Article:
Prosecutors seek pharmacist's conviction over U.S. meningitis outbreak
BOSTON (Reuters) - A federal prosecutor on Friday told jurors that a Massachusetts pharmacist, charged with murder for his role in a deadly 2012 U.S. meningitis outbreak, acted with a "depraved heart" while knowingly producing non-sterile drugs.
Glenn Chin, a former supervisory pharmacist at New England Compounding Center, produced drugs in filthy conditions, including mold-tainted steroids, Assistant U.S. Attorney Amanda Strachan told a federal jury in Boston in her closing argument.
Those steroids were shipped out to healthcare facilities nationally and then injected into patients, leading to an outbreak that sickened 778 people nationally, including 76 people who died, prosecutors have said.
"Make no mistake, Glenn Chin is not sitting in this court room because he was negligent or careless," Strachan said. "He is here because of his deliberate choices."
She said that Chin, 49, recklessly failed to ensure the compounding pharmacy's drugs were produced in sanitary conditions in order to keep up with demand from hospitals for its products.
Strachan said Chin directed "massive corner cutting" in NECC's so-called clean rooms where the drugs were made, prioritizing production over cleaning and failing to properly test drugs.
"Glenn Chin acted with a depraved heart," she said.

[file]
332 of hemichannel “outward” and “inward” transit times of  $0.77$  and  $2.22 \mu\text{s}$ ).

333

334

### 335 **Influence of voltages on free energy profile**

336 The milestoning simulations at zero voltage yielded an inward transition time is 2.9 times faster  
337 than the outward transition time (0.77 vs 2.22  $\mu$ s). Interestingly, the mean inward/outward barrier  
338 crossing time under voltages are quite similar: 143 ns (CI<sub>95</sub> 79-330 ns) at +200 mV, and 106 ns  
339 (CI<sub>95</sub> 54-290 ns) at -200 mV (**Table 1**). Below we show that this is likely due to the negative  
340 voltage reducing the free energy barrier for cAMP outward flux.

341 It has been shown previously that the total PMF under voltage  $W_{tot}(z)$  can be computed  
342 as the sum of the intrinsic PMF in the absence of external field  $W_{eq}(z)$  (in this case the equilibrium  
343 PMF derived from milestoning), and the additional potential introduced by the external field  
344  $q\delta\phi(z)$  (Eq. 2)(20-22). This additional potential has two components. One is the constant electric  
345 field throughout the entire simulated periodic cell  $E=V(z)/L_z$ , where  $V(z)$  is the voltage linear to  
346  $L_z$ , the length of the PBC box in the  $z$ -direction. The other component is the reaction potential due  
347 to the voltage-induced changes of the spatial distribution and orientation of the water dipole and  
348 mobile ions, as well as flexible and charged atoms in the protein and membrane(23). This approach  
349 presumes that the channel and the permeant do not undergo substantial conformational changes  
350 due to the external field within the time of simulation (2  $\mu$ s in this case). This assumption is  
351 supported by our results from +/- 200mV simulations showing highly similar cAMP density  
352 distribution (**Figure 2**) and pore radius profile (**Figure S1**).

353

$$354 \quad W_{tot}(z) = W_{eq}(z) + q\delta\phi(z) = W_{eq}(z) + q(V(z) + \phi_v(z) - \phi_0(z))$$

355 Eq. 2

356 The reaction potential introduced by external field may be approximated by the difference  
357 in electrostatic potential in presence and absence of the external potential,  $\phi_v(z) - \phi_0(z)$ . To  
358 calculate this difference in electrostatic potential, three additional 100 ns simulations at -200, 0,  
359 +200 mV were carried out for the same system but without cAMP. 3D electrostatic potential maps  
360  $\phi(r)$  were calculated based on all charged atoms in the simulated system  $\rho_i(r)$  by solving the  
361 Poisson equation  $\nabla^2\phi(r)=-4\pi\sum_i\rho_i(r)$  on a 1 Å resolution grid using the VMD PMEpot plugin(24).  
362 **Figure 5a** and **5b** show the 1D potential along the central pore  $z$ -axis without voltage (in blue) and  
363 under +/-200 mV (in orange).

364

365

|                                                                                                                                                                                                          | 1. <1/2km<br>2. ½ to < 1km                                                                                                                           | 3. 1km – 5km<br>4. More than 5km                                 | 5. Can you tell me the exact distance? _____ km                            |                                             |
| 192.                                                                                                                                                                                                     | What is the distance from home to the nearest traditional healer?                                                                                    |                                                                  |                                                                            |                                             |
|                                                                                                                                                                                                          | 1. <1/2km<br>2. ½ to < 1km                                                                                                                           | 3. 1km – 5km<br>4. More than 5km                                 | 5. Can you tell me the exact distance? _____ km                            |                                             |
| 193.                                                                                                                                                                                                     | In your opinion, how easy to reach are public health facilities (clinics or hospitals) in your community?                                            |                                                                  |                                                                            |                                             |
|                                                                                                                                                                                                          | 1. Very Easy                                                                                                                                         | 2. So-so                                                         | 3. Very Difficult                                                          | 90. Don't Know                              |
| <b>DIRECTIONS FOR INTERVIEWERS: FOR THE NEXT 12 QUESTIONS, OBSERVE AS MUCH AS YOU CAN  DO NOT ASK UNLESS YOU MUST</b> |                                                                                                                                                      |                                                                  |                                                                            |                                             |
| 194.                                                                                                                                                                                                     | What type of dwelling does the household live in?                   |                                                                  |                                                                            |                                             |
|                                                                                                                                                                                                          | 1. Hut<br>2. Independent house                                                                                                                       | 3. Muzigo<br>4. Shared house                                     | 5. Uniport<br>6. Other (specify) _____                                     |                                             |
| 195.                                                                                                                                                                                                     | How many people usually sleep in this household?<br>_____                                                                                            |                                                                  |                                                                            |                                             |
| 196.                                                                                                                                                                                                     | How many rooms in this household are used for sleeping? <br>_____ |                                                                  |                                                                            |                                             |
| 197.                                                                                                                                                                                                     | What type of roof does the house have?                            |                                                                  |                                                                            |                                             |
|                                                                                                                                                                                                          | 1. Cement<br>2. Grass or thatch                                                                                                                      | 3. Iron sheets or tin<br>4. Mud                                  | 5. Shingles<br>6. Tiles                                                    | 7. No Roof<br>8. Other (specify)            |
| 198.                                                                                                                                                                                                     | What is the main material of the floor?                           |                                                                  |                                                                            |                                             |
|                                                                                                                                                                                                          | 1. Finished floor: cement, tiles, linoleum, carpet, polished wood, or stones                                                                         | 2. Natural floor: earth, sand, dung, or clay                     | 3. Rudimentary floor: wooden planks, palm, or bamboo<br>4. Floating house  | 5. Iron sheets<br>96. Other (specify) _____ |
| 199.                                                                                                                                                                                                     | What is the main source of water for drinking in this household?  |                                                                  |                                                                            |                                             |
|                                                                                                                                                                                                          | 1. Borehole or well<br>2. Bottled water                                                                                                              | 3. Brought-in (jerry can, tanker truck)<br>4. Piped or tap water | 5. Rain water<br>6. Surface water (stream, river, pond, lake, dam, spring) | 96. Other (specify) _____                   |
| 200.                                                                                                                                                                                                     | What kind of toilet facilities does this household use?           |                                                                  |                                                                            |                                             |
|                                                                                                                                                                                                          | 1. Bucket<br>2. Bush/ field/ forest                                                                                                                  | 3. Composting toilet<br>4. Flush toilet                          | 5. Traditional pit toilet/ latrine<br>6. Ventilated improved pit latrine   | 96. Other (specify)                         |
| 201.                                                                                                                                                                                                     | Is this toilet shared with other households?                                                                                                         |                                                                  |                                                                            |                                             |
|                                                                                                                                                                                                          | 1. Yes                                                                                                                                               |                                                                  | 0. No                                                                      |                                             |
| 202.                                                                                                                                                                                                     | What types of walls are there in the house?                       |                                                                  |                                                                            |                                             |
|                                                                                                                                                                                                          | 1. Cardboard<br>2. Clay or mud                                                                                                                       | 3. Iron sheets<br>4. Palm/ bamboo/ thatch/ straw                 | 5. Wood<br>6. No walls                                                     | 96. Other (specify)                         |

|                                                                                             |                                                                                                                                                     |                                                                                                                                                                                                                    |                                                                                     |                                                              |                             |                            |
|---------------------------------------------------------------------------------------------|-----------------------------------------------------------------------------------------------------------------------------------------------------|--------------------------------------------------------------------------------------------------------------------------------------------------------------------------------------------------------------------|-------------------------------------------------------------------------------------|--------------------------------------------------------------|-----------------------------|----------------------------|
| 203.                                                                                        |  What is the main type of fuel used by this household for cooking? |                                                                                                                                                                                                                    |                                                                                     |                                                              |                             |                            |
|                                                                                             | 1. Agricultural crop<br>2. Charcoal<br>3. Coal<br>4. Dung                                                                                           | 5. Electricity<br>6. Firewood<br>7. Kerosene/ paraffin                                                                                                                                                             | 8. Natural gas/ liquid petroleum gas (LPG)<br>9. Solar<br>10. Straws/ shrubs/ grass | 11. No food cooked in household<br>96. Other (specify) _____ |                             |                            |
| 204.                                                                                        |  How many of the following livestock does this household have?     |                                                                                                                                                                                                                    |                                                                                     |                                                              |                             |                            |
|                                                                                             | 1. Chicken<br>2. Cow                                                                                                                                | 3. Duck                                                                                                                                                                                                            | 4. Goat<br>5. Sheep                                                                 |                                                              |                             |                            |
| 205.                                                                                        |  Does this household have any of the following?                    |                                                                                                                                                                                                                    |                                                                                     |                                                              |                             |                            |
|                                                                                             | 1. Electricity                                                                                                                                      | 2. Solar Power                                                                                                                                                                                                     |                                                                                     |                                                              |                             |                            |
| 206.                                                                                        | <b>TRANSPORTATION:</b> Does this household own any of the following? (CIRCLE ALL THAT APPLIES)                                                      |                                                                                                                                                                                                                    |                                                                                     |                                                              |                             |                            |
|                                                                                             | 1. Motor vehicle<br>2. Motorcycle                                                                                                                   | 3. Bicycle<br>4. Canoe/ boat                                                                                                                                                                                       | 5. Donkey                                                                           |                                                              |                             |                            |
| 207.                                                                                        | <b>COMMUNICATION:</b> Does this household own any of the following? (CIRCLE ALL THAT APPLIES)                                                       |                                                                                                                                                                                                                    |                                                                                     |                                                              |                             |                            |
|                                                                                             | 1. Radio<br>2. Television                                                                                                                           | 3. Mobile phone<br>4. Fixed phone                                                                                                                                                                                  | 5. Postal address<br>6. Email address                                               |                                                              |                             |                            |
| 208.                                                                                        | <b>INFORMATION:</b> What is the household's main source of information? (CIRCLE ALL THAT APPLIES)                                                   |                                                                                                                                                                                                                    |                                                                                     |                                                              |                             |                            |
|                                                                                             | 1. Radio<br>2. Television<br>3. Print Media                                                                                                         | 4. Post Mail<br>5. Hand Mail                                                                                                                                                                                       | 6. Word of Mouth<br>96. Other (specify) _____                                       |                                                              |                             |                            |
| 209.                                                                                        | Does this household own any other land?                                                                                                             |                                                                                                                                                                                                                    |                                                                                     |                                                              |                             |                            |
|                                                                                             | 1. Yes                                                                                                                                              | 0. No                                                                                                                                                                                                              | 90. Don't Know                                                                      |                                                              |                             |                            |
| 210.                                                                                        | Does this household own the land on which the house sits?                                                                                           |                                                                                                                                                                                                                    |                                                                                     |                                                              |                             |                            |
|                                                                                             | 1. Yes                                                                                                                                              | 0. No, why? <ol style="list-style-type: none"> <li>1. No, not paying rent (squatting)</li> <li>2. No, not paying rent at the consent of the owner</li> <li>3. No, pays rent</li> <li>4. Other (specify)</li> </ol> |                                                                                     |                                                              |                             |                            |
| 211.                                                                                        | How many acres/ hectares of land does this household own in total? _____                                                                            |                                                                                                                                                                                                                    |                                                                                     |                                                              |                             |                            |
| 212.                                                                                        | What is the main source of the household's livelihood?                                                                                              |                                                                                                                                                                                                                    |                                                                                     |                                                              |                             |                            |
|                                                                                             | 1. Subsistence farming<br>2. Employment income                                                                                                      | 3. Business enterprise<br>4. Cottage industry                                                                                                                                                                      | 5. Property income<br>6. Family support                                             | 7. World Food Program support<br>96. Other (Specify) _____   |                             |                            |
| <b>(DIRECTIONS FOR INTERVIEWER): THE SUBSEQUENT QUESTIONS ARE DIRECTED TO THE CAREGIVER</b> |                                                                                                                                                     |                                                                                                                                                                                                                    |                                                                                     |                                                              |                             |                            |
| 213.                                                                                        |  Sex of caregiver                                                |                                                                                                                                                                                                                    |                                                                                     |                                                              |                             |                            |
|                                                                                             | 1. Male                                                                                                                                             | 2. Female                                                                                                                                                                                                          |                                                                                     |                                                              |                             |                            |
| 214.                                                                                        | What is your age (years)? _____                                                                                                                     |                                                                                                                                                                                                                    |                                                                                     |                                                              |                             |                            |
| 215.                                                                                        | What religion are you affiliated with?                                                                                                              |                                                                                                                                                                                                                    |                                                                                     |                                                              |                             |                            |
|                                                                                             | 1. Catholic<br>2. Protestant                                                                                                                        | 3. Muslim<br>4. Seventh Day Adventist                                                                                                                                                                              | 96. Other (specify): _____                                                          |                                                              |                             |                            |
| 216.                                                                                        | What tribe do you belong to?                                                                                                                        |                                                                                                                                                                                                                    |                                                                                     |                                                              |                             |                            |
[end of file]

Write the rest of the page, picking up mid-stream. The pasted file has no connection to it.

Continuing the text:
Chin has pleaded not guilty to charges including racketeering and mail fraud. He faces up to life in prison if he is convicted of second-degree murder charges brought under racketeering law.
Defense lawyers, who will present their own closing arguments later on Friday, say Chin did nothing to kill the 25 people who are the subject of those murder allegations, and that blame instead lies with Barry Cadden, NECC's co-founder and former president.
They say Cadden directed the corner-cutting at NECC, and note that at his trial earlier this year, prosecutors said people died because Cadden decided to put profits before patient safety.
Strachan told jurors prosecutors do not disagree that Cadden was at fault. But she said that does not mean Chin is innocent.
"There's no such thing as a conspiracy of one," she said. "And the individuals who carry out crimes at their boss's behest are just as guilty."
Cadden was sentenced in June to nine years in prison after he was found guilty of racketeering and fraud charges but cleared of murder.
Lesser charges were filed against 12 other people. Three have pleaded guilty, while a federal judge dismissed charges against two defendants in October 2016. Charges remain pending against the other seven.
(Reporting by Nate Raymond; Editing by Scott Malone and Bernadette Baum)
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